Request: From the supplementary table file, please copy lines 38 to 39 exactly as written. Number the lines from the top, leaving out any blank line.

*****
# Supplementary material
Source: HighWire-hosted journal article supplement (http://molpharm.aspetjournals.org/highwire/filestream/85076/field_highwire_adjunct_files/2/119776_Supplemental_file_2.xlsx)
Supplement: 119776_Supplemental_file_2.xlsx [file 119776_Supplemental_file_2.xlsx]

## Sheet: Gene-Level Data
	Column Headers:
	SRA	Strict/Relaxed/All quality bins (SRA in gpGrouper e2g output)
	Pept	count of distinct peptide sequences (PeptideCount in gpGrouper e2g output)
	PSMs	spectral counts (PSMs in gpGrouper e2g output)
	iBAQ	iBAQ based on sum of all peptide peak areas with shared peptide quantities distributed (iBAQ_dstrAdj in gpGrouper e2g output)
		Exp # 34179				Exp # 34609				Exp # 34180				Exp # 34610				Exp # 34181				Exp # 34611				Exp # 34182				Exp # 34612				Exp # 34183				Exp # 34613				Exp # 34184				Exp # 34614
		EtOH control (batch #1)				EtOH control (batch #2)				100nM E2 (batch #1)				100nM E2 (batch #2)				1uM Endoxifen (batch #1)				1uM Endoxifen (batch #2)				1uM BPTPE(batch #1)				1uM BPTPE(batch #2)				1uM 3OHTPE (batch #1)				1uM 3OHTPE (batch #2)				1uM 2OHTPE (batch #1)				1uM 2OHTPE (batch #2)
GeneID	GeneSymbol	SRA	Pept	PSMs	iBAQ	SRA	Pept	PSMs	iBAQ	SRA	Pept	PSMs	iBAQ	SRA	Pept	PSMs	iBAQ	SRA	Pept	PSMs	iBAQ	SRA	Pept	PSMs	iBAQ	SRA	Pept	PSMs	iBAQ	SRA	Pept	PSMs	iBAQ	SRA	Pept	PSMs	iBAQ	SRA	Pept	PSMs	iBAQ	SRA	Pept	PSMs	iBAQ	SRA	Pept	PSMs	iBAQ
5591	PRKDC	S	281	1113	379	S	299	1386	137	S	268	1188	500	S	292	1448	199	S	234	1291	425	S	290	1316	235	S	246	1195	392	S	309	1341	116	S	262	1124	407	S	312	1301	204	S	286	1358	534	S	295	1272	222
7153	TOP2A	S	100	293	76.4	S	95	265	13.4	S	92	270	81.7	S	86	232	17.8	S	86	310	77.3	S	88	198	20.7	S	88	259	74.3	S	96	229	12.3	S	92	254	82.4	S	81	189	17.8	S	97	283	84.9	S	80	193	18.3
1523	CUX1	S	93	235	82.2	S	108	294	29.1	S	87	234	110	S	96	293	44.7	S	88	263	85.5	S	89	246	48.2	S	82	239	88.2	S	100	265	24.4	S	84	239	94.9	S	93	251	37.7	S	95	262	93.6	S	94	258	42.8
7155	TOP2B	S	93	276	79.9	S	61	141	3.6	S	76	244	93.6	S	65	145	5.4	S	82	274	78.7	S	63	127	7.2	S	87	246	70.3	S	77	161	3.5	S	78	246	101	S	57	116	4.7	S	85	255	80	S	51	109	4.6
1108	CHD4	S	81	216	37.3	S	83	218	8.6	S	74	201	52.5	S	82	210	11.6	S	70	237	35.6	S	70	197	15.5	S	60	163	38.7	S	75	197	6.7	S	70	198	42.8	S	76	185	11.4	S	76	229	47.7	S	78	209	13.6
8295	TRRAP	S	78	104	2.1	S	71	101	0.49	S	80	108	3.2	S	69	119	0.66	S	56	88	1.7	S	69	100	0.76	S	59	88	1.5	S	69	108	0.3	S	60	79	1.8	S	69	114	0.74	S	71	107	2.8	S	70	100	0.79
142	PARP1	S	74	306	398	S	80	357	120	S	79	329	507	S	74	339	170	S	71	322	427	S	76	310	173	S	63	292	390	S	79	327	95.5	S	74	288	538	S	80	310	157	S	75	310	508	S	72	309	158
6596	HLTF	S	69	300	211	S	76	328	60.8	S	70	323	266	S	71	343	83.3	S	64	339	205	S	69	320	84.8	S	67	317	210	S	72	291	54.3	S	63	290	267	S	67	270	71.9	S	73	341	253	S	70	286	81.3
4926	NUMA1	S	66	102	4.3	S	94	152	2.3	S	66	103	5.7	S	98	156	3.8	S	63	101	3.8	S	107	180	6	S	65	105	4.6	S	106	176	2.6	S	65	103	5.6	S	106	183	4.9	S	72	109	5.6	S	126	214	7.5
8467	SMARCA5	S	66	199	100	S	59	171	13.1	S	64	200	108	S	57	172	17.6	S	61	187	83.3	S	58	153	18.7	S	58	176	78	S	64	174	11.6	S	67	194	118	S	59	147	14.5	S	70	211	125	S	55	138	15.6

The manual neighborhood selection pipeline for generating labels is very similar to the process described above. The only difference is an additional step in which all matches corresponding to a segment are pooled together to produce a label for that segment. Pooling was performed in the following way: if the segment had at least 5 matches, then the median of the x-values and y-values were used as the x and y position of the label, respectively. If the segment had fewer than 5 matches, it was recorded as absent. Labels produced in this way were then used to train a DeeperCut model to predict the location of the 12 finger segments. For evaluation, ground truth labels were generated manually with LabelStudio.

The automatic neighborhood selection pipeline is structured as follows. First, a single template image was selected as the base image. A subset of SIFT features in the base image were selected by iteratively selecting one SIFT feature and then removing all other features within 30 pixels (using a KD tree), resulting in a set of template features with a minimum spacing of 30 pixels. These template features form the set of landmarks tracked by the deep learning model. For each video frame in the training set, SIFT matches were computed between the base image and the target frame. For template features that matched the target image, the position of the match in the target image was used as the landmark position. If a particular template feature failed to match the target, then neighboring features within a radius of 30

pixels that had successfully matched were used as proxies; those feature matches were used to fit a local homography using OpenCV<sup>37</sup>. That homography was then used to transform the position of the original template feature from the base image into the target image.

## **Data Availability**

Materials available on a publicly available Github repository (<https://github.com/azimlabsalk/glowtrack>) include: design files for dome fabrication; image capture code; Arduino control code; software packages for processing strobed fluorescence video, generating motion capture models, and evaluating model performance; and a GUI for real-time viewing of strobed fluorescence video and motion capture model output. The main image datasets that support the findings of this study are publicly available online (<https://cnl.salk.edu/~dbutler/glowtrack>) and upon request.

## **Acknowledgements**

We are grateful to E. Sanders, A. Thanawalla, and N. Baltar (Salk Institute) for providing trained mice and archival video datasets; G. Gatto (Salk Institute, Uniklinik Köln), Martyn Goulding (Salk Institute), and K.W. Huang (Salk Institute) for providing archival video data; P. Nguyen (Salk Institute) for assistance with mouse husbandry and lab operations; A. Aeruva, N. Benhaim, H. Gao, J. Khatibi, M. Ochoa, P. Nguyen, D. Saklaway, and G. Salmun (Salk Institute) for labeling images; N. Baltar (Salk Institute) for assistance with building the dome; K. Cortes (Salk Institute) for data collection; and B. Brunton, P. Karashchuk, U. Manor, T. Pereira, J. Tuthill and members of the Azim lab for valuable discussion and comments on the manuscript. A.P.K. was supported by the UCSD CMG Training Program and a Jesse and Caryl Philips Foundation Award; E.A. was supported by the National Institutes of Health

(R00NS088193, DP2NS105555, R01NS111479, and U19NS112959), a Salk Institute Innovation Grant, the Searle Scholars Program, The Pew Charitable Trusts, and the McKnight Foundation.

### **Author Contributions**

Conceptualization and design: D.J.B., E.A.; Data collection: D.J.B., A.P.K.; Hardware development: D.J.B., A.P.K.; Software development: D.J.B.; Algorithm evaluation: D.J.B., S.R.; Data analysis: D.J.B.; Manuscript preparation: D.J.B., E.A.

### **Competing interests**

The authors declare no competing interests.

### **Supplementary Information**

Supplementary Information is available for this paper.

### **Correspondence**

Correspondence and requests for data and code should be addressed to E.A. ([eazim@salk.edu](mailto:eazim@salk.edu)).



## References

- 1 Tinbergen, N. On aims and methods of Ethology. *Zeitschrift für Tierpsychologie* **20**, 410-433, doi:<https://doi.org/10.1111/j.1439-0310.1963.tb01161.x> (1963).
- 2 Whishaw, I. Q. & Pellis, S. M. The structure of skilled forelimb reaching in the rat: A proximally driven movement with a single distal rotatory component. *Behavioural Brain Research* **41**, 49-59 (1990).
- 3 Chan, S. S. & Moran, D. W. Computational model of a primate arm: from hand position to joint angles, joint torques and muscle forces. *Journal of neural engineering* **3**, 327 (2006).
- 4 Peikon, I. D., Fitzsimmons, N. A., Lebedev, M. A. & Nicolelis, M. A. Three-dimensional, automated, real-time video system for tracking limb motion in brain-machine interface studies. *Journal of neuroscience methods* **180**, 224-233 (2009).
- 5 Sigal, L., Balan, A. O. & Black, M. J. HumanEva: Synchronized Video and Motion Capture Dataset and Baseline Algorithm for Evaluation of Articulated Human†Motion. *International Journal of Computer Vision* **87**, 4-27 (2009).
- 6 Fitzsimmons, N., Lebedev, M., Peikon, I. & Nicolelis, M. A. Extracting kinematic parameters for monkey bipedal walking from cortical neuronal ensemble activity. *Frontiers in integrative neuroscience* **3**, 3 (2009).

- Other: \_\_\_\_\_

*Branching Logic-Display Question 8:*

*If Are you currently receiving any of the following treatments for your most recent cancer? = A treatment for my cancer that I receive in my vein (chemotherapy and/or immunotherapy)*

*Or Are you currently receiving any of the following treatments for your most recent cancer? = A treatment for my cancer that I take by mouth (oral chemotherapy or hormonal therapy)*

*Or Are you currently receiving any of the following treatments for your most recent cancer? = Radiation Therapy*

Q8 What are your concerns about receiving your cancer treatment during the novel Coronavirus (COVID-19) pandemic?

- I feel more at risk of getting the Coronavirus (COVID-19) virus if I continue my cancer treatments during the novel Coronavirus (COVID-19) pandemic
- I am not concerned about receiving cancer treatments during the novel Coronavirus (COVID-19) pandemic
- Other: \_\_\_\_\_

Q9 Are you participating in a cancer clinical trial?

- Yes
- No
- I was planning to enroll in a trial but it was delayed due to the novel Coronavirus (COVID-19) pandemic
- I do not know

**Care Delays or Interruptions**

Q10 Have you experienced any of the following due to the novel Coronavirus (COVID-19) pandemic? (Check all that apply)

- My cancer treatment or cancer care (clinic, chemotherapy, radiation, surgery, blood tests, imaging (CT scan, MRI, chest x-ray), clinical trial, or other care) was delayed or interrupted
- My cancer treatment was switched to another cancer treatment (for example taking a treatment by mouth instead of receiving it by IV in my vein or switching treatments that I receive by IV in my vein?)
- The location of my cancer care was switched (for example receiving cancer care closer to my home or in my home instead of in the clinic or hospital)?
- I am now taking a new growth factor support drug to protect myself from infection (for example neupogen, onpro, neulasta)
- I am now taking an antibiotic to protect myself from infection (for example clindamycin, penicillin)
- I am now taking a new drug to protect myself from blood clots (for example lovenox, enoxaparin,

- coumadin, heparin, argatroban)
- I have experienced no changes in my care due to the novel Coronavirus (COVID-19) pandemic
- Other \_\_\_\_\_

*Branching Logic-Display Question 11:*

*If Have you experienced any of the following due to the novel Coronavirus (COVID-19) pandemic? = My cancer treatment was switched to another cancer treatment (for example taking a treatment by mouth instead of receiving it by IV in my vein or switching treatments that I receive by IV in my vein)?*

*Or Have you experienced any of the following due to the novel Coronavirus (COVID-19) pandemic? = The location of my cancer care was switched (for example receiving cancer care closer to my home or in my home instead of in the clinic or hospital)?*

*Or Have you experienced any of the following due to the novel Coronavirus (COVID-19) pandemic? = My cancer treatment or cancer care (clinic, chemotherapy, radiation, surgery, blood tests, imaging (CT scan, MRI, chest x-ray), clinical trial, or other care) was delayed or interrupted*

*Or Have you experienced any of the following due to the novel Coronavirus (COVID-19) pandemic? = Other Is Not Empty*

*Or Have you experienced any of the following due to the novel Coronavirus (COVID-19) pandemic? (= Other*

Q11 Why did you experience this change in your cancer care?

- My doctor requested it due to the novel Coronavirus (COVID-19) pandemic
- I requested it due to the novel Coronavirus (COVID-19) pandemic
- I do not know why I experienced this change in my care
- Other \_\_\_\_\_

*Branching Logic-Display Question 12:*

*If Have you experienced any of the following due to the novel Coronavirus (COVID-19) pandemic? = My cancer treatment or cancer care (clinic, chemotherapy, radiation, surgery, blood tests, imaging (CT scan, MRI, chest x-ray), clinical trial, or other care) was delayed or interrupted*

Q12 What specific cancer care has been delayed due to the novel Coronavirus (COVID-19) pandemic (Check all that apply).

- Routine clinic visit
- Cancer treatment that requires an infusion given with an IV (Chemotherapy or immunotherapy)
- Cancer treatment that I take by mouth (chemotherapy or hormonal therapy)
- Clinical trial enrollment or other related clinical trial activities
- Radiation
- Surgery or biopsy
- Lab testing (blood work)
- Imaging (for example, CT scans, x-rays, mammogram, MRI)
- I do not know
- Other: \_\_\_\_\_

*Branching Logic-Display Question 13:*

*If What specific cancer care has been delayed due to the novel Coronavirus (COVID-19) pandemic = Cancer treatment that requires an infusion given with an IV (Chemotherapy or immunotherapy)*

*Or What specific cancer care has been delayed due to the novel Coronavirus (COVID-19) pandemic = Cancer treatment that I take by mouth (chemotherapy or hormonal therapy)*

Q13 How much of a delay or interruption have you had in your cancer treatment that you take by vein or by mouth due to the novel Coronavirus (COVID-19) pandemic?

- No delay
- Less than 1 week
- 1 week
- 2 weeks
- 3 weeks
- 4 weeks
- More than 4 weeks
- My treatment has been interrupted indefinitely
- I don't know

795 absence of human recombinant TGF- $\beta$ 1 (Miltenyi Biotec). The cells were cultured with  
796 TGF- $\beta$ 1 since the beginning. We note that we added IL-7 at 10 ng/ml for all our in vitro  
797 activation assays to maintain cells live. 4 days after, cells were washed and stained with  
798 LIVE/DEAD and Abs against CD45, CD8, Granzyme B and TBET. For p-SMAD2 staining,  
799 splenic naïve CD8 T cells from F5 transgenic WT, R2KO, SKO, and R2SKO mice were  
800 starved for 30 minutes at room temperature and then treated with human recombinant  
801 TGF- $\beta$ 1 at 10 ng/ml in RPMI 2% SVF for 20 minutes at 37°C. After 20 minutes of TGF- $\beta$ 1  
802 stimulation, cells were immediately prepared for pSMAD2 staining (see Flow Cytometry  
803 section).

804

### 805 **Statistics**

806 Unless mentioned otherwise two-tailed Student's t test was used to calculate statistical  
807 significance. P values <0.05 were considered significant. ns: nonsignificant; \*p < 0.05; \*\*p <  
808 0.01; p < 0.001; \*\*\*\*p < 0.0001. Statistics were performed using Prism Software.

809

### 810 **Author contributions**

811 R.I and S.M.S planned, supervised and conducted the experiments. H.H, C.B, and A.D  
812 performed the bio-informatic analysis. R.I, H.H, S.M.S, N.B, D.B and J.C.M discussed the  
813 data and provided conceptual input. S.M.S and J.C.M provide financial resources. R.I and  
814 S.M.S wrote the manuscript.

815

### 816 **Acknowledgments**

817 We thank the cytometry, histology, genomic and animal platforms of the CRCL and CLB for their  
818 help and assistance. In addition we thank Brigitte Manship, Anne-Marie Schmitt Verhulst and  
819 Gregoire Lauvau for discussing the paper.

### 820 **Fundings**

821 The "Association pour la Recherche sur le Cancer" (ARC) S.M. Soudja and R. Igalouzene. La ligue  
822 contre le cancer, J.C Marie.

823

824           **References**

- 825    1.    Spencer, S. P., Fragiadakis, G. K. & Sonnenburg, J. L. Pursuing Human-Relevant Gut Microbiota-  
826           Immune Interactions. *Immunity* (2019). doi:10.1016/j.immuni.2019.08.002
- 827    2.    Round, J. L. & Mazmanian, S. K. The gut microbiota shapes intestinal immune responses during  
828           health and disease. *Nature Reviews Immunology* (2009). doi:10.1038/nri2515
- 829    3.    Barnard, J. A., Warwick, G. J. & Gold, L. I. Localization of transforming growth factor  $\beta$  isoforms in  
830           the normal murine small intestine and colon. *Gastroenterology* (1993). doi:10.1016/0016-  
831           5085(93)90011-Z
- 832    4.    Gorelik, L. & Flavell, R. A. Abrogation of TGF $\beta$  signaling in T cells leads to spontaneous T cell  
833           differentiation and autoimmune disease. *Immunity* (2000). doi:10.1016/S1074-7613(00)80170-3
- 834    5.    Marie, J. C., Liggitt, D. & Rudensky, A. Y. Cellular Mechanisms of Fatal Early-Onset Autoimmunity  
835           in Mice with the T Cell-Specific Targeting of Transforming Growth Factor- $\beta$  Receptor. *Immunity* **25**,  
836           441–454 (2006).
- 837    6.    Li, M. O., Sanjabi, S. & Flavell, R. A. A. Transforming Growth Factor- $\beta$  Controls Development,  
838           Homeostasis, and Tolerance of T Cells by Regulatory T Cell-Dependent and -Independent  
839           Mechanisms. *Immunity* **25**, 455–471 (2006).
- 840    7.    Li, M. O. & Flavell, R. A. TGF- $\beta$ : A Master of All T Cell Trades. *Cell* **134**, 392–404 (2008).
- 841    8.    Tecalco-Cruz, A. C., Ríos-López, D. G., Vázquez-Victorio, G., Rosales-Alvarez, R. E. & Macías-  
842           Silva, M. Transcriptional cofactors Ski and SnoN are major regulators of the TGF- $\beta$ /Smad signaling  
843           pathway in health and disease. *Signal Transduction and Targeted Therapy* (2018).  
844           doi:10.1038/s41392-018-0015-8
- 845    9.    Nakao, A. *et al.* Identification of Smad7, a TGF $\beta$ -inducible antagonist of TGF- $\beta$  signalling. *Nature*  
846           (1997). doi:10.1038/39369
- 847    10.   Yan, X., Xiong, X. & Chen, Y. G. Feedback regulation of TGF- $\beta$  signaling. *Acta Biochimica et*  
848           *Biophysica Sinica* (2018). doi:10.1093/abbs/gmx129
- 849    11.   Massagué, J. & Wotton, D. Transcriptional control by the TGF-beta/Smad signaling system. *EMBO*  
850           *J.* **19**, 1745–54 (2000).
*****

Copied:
Correspondence and requests for data and code should be addressed to E.A. ([eazim@salk.edu](mailto:eazim@salk.edu)).



## References